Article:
“Budget” and dirt bike riding usually don’t go hand-in-hand, but there are many ways to make it more affordable. This tip is something so simple that will make your clutch last longer. You may already do it some of the time without even knowing it, but you may be able to improve upon it. It is a problem that I see quite often (I see a lot of guys/gals on street bikes doing it as well).
By now you’re probably thinking, just tell me what it is! Okay, I don’t like reading much either so I won’t waste time. When you come to a stop, put the bike in neutral and let out the clutch if you are going to idle for a period of time. That’s right, all you have to do is remember to keep the transmission in neutral with the clutch engaged (lever released/out).
If you’re still reading this, you may be wondering, “But why?” That is a valid question, so let me explain. When you pull in the clutch, even when the lever is all the way to the handlebar, the clutch fibers and friction plates are still spinning against each other ever so slightly. Even at idle, the friction of the plates rubbing will cause them to heat up. This will result in them warping over a shorter time period if you regularly do this on rides.
So, how do I know when and where to change this habit? Simple; if you come to a stop and know you’re going to sit there for more than a couple seconds, shift it in to neutral. You may forget to do this more often that not at first, but if you make a habit of it, it will become just that.
I hope this quick tip helps. Free free to post a comment, question, or a suggestion.
A broken dirt bike sitting in my garage is not a happy sight. What’s even worse is when I haul my dirt bike out to the track or trails and it breaks down shortly after my riding session begins. There will always be those kind of days sooner or later, but I have learned how to prevent most mechanical gremlins from occurring just from experience over the years.’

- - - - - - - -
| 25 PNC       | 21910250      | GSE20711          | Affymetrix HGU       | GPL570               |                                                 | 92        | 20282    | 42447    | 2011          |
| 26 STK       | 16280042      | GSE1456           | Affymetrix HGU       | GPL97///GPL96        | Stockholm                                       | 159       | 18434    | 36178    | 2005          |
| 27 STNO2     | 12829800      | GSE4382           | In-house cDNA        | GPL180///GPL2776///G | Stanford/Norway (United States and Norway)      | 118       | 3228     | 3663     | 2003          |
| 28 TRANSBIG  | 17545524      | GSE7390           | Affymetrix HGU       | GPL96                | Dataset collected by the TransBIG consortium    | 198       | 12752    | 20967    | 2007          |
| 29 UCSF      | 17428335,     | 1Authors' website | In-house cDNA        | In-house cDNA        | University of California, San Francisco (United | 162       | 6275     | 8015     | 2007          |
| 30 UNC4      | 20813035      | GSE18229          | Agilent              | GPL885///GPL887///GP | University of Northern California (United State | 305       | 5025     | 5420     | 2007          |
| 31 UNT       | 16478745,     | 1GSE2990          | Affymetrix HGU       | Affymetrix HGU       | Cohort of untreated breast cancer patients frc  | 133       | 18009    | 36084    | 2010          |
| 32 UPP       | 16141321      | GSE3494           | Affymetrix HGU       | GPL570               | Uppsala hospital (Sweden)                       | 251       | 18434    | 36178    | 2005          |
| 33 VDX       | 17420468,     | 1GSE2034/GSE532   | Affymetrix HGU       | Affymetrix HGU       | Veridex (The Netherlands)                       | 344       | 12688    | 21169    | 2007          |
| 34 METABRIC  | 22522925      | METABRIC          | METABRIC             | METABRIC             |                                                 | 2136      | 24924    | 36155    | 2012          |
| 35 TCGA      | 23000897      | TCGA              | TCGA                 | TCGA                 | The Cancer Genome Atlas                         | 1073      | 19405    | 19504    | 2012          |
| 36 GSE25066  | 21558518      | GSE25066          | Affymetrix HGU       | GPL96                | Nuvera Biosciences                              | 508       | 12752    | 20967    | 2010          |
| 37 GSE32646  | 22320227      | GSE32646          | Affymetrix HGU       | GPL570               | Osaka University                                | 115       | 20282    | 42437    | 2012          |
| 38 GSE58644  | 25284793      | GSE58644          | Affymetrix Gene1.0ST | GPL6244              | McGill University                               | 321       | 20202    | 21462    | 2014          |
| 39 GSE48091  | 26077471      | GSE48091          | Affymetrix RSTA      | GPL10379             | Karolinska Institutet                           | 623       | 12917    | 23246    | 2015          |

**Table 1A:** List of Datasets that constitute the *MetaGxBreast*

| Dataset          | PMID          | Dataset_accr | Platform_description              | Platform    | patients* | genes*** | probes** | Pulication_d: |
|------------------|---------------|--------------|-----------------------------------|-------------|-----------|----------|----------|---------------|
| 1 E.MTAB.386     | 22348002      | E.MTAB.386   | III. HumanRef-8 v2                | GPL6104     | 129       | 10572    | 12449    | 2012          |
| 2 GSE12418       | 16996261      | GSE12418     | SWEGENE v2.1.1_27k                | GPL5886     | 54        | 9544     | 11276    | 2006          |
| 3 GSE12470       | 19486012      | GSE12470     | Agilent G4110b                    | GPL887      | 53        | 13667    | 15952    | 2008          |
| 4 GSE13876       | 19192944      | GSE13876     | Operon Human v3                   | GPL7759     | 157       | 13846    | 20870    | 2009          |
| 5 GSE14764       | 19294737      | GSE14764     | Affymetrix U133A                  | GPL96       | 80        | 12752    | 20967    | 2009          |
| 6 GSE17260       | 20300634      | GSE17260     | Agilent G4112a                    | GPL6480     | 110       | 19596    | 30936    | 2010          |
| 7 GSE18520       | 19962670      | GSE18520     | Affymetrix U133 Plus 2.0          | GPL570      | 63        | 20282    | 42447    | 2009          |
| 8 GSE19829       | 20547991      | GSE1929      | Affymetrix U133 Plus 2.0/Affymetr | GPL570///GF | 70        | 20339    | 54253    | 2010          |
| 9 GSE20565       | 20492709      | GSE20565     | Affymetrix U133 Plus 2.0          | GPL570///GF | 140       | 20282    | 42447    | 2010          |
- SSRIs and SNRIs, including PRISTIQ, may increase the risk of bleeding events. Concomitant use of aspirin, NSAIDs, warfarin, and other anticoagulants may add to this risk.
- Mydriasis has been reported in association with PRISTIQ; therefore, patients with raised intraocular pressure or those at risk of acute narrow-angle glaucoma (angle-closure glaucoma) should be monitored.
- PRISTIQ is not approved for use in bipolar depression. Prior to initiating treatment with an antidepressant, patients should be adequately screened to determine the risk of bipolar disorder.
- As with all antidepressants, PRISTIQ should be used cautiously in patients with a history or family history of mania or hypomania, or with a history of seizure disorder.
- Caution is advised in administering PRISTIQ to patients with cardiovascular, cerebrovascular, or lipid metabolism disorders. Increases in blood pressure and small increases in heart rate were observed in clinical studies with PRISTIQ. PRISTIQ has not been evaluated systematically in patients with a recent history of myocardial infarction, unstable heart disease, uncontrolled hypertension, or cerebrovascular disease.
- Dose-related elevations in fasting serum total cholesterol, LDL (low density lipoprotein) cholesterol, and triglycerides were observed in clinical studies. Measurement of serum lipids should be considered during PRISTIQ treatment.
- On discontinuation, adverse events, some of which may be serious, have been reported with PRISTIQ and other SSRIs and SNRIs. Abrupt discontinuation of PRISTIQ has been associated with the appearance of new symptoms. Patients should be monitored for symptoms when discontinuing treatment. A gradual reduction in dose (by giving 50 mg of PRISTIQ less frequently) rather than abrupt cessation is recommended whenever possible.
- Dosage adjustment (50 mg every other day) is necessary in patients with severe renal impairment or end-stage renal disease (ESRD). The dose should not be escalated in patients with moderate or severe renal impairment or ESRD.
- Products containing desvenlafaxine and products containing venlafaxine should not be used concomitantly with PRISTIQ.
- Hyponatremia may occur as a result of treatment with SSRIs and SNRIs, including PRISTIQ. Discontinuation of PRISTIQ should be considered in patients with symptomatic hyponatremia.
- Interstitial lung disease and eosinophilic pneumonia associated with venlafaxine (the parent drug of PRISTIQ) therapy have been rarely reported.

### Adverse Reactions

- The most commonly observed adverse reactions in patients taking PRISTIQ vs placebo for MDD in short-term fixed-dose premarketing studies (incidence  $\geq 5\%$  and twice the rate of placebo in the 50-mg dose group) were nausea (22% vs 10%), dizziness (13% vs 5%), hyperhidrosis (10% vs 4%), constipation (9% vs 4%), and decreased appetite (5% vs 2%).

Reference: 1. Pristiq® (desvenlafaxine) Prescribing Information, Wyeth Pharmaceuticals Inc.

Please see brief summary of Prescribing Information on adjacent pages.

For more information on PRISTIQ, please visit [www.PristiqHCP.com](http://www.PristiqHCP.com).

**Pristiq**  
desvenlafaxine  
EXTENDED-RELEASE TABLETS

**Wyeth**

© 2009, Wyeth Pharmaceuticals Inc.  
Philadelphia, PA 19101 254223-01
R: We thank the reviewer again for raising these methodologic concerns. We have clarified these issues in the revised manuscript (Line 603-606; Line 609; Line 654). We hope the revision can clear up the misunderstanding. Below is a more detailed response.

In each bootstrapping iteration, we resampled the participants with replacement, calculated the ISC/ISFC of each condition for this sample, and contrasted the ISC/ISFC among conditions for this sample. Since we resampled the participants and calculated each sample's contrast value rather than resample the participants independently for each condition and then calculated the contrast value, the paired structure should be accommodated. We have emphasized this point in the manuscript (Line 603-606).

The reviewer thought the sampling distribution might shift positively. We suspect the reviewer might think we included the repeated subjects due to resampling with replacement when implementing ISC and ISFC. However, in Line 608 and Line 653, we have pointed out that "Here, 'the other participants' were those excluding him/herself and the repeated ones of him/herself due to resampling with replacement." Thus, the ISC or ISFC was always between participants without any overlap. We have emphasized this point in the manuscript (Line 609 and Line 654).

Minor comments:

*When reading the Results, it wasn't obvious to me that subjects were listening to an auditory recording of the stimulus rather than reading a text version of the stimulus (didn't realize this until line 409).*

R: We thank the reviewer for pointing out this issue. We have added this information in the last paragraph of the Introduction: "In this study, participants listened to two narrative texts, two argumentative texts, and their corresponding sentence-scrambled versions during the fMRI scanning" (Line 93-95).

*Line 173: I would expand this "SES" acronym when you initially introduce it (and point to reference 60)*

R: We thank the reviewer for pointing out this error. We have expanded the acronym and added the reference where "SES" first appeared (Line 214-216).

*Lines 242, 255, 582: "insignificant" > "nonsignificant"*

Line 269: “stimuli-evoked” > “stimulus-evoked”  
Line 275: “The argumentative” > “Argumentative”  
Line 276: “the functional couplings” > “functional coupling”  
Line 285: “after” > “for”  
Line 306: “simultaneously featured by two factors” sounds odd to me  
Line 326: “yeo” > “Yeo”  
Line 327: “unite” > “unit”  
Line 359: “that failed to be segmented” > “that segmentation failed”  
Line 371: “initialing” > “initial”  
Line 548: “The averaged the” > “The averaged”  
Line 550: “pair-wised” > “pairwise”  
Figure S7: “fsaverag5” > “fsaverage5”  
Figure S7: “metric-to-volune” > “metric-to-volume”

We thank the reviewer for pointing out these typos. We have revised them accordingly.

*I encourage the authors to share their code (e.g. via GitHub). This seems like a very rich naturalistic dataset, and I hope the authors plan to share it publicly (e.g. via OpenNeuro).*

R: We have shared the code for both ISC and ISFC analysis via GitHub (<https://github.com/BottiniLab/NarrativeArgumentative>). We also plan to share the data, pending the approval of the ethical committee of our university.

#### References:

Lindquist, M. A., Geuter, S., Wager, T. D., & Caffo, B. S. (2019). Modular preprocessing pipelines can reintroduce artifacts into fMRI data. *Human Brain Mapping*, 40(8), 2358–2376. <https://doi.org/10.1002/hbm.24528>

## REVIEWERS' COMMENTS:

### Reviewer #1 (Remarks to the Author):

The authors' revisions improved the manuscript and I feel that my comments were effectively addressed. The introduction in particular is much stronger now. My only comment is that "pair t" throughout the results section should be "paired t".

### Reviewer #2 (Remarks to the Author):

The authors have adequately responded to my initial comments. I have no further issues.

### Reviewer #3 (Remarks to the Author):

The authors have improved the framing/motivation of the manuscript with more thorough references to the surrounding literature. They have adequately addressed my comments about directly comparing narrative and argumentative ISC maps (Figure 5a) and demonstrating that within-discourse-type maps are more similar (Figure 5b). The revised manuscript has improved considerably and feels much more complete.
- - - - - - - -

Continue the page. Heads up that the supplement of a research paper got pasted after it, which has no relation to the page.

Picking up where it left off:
I started taking maintenance seriously when I had an incident that fried a top-end when it probably could have been prevented if I had only checked the coolant level prior to riding. I have now taken the time to figure out a maintenance routine that will keep my bike running better and longer. This list of items to check are the most common things that break or cause a bike failure.
First thing to do is check the oil level and cleanliness. Running out of oil will not only end your day, but also result in a major engine failure. Some dirt bikes have a sight glass on the side of the crankcase to check the oil level, while other bikes require you to check the dipstick. Certain bikes may also require the engine to idle for a minute to circulate the oil before checking it. Always remember to check the oil level with the bike standing straight up in order to get an accurate reading. If you have a four-stroke dirt bike with an oil filter, replace it (or properly clean it if re-usable) every 1-2 oil changes.
The next common part to cause problems is the air filter. A dirty air filter can make the bike run rough due to lack of air-flow. A dirty filter will also allow dirt to get past it and into the engine. Having a clean air filter will prolong engine life. Foam only lasts so longer until it starts to degrade and literally fall apart. Strong cleaning chemicals, such as gas, will speed up this process. While filters are meant to be cleaned and reused, do not reuse one if it has any rips, damage, or if you can easily pull chunks out of it.
A low-performance engine, such as an air-cooled four-stroke, may not be finicky with the gas you run through it. However, old gas will eventually cause problems because it degrades with age and will gum up in the carburetor or throttle body. If you run race gas or mixed gas in a motocross bike, I suggest using it all within a week or two, if not the same day. The longer it sits out, the more it degrades. I have personally had complications using mixed race that was several weeks old; the result was me rebuilding the top-end on my 125cc 2-stroke. If your bike is not running right compared to the last time you rode, there’s a good chance that the gas is either bad, or the carburetor is dirty because it has sat for too long.